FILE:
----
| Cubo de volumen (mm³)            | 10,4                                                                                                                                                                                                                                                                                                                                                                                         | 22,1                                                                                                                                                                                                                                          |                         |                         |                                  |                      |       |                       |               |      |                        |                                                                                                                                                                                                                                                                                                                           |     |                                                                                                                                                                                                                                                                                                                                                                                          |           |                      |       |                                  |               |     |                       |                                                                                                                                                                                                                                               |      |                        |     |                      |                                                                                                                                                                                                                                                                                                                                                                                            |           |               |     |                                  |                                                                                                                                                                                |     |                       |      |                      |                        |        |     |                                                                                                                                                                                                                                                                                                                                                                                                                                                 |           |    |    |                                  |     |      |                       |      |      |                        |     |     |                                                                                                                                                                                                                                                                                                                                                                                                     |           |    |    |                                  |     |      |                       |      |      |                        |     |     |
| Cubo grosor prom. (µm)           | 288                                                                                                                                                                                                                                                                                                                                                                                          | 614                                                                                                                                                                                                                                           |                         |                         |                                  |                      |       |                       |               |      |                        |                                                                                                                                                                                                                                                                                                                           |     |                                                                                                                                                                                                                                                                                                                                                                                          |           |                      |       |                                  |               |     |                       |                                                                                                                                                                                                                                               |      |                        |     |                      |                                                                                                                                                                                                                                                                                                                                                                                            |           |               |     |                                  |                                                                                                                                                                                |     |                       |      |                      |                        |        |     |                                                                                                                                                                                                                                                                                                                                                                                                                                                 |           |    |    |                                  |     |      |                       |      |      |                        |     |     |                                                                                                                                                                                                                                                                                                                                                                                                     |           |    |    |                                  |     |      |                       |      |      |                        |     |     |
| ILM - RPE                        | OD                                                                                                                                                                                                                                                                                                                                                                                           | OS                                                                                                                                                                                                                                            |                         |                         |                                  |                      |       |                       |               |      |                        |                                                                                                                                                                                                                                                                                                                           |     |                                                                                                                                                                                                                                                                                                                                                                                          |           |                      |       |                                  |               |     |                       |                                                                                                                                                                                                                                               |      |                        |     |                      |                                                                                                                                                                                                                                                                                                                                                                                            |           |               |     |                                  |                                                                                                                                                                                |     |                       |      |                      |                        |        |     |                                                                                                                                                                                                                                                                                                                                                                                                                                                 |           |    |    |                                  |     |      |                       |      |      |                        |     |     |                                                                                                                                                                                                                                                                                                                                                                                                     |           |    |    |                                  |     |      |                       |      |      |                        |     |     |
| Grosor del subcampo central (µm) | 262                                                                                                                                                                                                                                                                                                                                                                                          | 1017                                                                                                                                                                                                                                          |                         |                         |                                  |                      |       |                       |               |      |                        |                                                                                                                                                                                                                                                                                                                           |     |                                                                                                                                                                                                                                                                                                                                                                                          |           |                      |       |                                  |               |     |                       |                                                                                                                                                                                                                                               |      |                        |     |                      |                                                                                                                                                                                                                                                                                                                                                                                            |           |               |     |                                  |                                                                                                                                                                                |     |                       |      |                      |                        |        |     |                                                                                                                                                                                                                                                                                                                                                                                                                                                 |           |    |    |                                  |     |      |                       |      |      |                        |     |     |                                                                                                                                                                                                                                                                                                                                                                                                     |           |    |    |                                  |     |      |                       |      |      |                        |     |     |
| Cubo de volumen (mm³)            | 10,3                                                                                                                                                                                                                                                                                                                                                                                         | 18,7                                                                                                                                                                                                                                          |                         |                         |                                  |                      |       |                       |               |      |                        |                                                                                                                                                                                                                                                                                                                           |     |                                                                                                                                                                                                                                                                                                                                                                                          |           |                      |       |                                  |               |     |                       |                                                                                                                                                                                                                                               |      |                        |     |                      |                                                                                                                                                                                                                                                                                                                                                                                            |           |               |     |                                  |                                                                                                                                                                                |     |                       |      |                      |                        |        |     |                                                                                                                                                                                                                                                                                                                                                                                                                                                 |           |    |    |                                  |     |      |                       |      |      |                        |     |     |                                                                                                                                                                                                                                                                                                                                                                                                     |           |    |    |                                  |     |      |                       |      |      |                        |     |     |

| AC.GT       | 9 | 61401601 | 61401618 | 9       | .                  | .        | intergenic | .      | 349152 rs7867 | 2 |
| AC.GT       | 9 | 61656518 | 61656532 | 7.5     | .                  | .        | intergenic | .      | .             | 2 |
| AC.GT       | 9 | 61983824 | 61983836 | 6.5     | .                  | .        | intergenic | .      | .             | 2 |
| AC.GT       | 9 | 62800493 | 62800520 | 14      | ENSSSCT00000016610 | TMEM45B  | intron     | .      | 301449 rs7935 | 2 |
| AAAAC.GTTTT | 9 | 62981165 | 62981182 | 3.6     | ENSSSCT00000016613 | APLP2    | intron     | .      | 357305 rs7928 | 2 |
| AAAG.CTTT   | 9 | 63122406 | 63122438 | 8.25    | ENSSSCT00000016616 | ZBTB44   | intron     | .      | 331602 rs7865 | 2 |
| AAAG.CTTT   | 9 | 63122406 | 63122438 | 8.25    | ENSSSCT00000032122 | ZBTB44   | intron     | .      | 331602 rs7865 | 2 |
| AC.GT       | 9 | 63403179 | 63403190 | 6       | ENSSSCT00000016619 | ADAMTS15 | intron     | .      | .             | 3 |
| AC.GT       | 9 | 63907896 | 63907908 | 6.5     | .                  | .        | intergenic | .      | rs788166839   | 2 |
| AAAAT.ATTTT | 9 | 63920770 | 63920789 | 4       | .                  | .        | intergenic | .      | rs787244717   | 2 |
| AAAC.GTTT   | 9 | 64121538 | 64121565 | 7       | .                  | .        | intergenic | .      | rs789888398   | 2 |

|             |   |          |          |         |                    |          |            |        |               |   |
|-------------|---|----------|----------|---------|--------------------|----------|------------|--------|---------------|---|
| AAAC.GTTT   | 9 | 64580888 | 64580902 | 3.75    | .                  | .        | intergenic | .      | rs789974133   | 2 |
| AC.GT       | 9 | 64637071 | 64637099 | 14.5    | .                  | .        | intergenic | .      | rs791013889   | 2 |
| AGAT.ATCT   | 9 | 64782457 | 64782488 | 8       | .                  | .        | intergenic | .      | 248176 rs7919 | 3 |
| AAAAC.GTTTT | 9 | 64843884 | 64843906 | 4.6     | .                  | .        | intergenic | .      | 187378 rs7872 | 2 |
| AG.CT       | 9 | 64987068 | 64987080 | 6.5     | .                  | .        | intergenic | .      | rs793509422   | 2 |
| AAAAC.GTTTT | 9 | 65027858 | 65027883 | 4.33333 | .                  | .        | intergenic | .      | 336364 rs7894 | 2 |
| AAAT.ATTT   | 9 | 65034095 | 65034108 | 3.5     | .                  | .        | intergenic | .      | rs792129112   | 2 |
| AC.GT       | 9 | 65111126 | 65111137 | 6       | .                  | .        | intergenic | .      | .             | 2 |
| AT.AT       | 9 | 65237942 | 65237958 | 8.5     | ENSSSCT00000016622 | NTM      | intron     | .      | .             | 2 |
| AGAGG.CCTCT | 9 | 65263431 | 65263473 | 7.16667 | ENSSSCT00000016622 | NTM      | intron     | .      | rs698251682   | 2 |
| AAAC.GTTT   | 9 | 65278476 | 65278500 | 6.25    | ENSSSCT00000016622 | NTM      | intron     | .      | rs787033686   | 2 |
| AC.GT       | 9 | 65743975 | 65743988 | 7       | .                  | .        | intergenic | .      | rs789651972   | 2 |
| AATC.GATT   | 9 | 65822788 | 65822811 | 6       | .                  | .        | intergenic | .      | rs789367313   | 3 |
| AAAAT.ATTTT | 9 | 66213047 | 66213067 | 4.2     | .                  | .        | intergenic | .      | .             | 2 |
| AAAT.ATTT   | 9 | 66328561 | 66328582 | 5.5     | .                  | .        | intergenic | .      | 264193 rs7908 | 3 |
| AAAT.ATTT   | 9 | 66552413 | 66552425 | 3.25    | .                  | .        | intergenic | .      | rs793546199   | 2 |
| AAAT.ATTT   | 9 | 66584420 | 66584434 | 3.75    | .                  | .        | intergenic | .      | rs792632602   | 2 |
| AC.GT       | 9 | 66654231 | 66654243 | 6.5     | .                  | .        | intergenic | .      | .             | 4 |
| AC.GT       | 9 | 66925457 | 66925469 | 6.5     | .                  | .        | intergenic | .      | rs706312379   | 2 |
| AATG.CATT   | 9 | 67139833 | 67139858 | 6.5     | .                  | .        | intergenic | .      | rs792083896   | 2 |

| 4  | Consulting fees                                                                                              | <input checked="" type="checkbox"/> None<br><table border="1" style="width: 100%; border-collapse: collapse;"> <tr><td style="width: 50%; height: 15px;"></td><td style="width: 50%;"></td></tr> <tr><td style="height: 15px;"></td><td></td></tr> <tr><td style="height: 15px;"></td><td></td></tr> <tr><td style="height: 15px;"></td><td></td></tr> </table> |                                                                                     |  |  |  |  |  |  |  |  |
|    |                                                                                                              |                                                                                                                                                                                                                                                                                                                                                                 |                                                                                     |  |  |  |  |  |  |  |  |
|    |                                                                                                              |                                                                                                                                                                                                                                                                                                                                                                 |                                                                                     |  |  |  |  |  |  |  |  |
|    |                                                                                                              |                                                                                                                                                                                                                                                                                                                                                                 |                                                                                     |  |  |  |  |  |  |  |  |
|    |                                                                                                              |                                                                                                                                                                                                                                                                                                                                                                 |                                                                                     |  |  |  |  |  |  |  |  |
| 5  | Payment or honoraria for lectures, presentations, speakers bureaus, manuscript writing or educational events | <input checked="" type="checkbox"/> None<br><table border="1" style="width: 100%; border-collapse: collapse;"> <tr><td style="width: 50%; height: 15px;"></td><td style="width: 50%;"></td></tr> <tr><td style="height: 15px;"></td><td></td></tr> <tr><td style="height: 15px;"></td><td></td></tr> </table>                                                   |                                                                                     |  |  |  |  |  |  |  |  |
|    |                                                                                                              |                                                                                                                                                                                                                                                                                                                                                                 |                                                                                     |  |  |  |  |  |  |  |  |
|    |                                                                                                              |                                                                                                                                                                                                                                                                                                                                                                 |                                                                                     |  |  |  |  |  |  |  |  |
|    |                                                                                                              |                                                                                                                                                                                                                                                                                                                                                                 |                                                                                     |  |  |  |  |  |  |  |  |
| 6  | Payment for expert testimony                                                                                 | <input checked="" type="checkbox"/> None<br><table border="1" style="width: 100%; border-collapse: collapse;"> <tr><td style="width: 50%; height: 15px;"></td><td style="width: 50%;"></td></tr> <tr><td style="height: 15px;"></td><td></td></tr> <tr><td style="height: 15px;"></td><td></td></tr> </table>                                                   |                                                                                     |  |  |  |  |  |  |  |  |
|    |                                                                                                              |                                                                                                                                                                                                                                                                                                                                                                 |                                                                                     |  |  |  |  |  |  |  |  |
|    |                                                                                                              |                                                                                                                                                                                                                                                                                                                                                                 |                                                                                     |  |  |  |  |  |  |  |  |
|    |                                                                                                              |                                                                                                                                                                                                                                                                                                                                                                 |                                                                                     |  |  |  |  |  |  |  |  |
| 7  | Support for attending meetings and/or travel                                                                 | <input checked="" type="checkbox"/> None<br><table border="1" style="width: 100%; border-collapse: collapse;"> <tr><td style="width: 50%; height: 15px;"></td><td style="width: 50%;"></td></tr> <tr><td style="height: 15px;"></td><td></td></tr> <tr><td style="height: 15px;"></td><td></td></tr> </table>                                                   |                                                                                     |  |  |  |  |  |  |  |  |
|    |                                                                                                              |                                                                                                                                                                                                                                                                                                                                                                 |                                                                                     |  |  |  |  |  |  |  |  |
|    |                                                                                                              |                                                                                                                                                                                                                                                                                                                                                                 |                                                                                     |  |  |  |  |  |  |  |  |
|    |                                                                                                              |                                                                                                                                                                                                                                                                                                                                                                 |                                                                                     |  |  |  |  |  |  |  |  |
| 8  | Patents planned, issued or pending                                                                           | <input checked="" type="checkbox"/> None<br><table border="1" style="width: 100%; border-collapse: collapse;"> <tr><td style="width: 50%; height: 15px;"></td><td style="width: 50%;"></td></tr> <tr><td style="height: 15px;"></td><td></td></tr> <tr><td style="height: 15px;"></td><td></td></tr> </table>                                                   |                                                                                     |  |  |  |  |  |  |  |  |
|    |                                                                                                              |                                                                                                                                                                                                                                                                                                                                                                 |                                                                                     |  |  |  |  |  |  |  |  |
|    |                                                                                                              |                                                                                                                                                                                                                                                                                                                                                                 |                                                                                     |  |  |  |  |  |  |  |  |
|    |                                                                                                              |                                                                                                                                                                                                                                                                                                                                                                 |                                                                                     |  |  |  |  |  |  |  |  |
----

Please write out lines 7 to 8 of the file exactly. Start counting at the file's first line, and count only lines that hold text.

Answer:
| AC.GT       | 9 | 61656518 | 61656532 | 7.5     | .                  | .        | intergenic | .      | .             | 2 |
| AC.GT       | 9 | 61983824 | 61983836 | 6.5     | .                  | .        | intergenic | .      | .             | 2 |